The title of the medallion is Tectonic Melange.
It tells of the geological dynamics with the local land mass in motion and
under tension as well as the cultural fusion of Chinese and Western art, blending
contemporary concepts with ancient spirit. This design presents Chinese culture
in a postmodern form, synthesizing the vision of contemporary Chinese-American artists.
I wrote the Chinese calligraphy using the style of wild cursive script, or Chaoshu, from the Tang
Dynasty (618-907 C.E.) as the starting point to rearrange a more abstract pattern
in which the Chinese characters and rhythmic strokes could play. The calligraphy
in black granite superimposed on a warm and textured granite resonates with
an archaic spirit of the earth. All characters are arranged around and facing
the central red seal. The circular red symbol provides a focal point to the
Chinese calligraphy expresses the
evolution of Chinese civilization from the Neolithic period to modern times.
The seal symbolizes endorsement and completion in Chinese culture. The red seal, He or Unity, at the center of the courtyard is a commemoration of the
completion of this park and to those who contributed during the past 20 years
in the park project. The eight Chinese characters here come from the poem written
by Wang Bo (650-676 C.E.) of the Tang Dynasty: "This Lands splendor
spills from Heavens treasure, its remarkable people thrive on Earths
bounty. The meaning and the lines of the cursive calligraphy naturally
blend into the cultural character of the park and the San Francisco Bay Area.
With this concept and design, we won the San Francisco Arts Commissions
open design competition for the courtyard in 1994.
The Chinese characters were first written by me
on rice-paper. They were arranged to face the center and purposely cut and intersected
by the rectangular woven pattern. Then, the characters were scanned into the
computer, which controlled a waterjet machine to cut out the complicated shape
of the characters in black granite and the background in Giallo Veneziano -
the golden color granite. This technique allowed me to successfully
transfer the rhythm of calligraphic strokes onto the more permanent material
-granite. The center seal is traditionally red. I chose imperial red for the
crescent pattern on the outside edge to echo the color of the seal. The granite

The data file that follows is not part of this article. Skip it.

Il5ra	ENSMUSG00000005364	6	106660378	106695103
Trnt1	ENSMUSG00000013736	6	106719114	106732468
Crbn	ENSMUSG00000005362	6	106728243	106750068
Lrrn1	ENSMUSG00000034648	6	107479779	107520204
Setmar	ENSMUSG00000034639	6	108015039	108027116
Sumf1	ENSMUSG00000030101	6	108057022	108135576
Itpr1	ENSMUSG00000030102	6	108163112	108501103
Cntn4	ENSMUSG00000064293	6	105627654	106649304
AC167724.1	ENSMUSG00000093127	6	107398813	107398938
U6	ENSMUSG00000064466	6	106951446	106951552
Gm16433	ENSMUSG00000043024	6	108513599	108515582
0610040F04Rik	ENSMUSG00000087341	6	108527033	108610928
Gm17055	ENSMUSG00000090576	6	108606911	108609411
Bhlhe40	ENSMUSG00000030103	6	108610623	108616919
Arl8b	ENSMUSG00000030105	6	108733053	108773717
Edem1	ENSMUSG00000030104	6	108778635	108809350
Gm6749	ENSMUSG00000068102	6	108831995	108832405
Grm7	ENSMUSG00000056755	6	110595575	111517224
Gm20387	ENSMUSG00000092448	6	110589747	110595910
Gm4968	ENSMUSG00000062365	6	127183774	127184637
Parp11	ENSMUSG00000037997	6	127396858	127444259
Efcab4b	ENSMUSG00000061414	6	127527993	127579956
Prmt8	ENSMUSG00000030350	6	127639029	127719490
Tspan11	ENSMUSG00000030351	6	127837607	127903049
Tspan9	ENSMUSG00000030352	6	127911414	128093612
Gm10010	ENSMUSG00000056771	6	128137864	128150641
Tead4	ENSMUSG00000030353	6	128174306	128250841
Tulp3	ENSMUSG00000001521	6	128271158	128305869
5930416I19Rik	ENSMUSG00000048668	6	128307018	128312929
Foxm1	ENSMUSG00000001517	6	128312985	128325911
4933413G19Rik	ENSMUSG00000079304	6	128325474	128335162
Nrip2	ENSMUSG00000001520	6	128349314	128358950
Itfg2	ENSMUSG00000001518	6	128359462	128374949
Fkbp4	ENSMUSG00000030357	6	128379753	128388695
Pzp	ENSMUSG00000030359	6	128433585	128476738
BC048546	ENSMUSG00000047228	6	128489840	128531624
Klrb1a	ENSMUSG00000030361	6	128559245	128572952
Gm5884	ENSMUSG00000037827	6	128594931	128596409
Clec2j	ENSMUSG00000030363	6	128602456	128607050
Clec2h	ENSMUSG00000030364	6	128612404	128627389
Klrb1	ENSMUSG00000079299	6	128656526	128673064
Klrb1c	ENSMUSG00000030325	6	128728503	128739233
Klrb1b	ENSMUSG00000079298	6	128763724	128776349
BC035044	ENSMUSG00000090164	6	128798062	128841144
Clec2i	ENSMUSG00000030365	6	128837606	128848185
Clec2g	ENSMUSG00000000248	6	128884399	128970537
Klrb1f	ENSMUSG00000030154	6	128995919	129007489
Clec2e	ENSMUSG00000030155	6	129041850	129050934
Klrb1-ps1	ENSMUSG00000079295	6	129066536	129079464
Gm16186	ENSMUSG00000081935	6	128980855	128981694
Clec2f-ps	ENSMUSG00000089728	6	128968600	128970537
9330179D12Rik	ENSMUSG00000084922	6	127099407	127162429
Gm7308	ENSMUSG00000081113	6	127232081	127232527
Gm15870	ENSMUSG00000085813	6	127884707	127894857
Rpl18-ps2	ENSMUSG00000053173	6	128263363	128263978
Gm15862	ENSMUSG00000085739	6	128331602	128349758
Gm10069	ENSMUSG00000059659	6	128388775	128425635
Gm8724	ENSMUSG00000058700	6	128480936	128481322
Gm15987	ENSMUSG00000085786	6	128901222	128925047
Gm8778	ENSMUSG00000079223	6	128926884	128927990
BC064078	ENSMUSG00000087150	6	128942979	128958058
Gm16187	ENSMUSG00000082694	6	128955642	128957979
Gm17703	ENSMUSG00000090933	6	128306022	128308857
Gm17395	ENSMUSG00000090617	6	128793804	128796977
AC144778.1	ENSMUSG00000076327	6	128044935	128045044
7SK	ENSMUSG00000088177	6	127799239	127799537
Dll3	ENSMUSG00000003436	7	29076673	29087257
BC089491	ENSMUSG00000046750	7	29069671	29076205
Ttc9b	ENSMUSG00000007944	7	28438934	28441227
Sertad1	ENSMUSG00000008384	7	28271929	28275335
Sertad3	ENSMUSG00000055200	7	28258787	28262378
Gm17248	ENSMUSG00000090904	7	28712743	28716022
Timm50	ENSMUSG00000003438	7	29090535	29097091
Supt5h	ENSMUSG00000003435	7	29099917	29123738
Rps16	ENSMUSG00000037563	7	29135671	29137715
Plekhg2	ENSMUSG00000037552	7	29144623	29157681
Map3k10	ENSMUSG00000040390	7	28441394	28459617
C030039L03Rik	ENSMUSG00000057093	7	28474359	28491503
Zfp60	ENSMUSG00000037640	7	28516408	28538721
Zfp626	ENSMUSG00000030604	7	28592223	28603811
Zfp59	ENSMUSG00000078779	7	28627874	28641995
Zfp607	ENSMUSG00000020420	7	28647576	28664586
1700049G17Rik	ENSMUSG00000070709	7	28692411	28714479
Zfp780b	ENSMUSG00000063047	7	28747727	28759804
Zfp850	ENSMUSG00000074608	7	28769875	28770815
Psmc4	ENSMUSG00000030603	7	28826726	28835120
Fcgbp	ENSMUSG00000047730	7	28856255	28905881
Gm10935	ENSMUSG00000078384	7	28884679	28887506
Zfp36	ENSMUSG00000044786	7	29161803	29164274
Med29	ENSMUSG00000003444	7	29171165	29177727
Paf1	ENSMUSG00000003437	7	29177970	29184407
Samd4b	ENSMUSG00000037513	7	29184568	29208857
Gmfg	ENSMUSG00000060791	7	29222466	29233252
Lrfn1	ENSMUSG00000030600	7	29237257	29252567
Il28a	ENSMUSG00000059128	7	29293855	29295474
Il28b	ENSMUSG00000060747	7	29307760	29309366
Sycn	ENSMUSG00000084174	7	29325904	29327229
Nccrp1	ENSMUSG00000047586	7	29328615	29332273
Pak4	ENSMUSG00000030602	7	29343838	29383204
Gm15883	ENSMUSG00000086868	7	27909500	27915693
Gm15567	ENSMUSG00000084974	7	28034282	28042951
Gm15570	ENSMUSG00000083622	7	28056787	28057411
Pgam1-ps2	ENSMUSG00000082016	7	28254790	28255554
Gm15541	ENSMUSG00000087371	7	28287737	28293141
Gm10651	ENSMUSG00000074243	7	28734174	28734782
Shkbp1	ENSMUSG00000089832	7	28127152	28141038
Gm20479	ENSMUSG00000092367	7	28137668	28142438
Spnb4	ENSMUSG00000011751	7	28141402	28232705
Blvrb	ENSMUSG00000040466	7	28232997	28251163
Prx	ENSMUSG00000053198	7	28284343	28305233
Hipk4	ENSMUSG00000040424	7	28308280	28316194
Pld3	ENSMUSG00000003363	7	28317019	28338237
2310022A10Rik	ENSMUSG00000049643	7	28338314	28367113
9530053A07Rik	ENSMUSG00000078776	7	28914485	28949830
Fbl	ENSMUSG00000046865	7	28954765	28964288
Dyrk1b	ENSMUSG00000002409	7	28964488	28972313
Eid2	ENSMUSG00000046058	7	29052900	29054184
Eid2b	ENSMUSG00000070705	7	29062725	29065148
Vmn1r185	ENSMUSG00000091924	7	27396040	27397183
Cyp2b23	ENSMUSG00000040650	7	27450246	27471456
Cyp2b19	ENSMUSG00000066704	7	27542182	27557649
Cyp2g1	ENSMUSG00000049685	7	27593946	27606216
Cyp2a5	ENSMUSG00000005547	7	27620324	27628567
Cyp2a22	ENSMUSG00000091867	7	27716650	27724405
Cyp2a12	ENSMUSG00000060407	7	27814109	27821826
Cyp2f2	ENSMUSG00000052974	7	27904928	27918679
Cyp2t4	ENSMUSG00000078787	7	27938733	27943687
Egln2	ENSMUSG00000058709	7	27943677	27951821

we used is 2 thick. The more than one hundred pieces of granite
cut by the waterjet machine were shipped to the park. They were put together
on location over a 6 sub-slab of cement. The diameter of the whole granite
inset medallion is 26 feet (almost 7.93 meters). The square shape is 17 feet
(about 5.17 meters) in length and each of the character is 75 x 53
(about 1.9 x 1.35 meters).
This design is a continuation of the concepts and technique
that I use in my work on paper and canvas. Since my Dancing Ink series
in 1992 and my recent series - Contemplation Forces, I have been
trying to create a new visual language that incorporates the rhythm of Chinese
calligraphy and the dynamic quality of Western abstract painting. Traditional Chinese
calligraphic characters are cut, broken apart and re-organized. But the strokes
and energy remain, serving as a solid, though hidden, structure for the paintings
and keeping the sense and spirit of a traditional culture ever-present beneath
the images. At the same time, the complex backgrounds recall powerful landscape
paintings. I use calligraphic elements and atmospheric qualities in a new way
to express my particular vision.
My images celebrate the live energy underneath
the visible world and within each living being. In my recent series, I integrate
Eastern and Western art by breaking them apart and rediscovering the core elements
and essence of each culture. I put them back together to create a totally new
and unique visual experience for the viewer, one that hopefully captures the
sense of wonder and discovery I find in the two traditions. This is what I attempt
to contribute to the world of postmodern art.